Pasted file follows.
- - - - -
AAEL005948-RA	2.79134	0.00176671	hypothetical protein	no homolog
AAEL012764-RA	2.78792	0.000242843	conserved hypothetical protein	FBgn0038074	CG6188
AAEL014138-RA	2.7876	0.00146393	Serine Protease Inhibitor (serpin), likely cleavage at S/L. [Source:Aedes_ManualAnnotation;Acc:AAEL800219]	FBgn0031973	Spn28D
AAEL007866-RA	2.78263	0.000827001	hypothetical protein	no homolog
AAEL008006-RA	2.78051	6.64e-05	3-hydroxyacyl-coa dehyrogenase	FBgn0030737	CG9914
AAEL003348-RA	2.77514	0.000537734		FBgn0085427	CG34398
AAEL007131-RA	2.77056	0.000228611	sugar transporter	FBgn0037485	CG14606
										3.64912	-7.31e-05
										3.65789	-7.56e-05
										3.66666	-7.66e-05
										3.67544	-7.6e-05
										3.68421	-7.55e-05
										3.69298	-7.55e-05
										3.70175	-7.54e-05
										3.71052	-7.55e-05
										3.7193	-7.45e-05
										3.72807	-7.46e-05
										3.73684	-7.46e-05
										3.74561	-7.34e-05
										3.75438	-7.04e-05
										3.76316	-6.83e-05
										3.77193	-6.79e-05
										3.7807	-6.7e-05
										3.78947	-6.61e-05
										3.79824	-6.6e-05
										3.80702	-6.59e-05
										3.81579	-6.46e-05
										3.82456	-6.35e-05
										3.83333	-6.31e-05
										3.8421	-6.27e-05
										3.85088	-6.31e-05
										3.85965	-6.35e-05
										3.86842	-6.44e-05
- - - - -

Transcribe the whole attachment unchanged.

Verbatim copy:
AAEL005948-RA	2.79134	0.00176671	hypothetical protein	no homolog
AAEL012764-RA	2.78792	0.000242843	conserved hypothetical protein	FBgn0038074	CG6188
AAEL014138-RA	2.7876	0.00146393	Serine Protease Inhibitor (serpin), likely cleavage at S/L. [Source:Aedes_ManualAnnotation;Acc:AAEL800219]	FBgn0031973	Spn28D
AAEL007866-RA	2.78263	0.000827001	hypothetical protein	no homolog
AAEL008006-RA	2.78051	6.64e-05	3-hydroxyacyl-coa dehyrogenase	FBgn0030737	CG9914
AAEL003348-RA	2.77514	0.000537734		FBgn0085427	CG34398
AAEL007131-RA	2.77056	0.000228611	sugar transporter	FBgn0037485	CG14606
										3.64912	-7.31e-05
										3.65789	-7.56e-05
										3.66666	-7.66e-05
										3.67544	-7.6e-05
										3.68421	-7.55e-05
										3.69298	-7.55e-05
										3.70175	-7.54e-05
										3.71052	-7.55e-05
										3.7193	-7.45e-05
										3.72807	-7.46e-05
										3.73684	-7.46e-05
										3.74561	-7.34e-05
										3.75438	-7.04e-05
										3.76316	-6.83e-05
										3.77193	-6.79e-05
										3.7807	-6.7e-05
										3.78947	-6.61e-05
										3.79824	-6.6e-05
										3.80702	-6.59e-05
										3.81579	-6.46e-05
										3.82456	-6.35e-05
										3.83333	-6.31e-05
										3.8421	-6.27e-05
										3.85088	-6.31e-05
										3.85965	-6.35e-05
										3.86842	-6.44e-05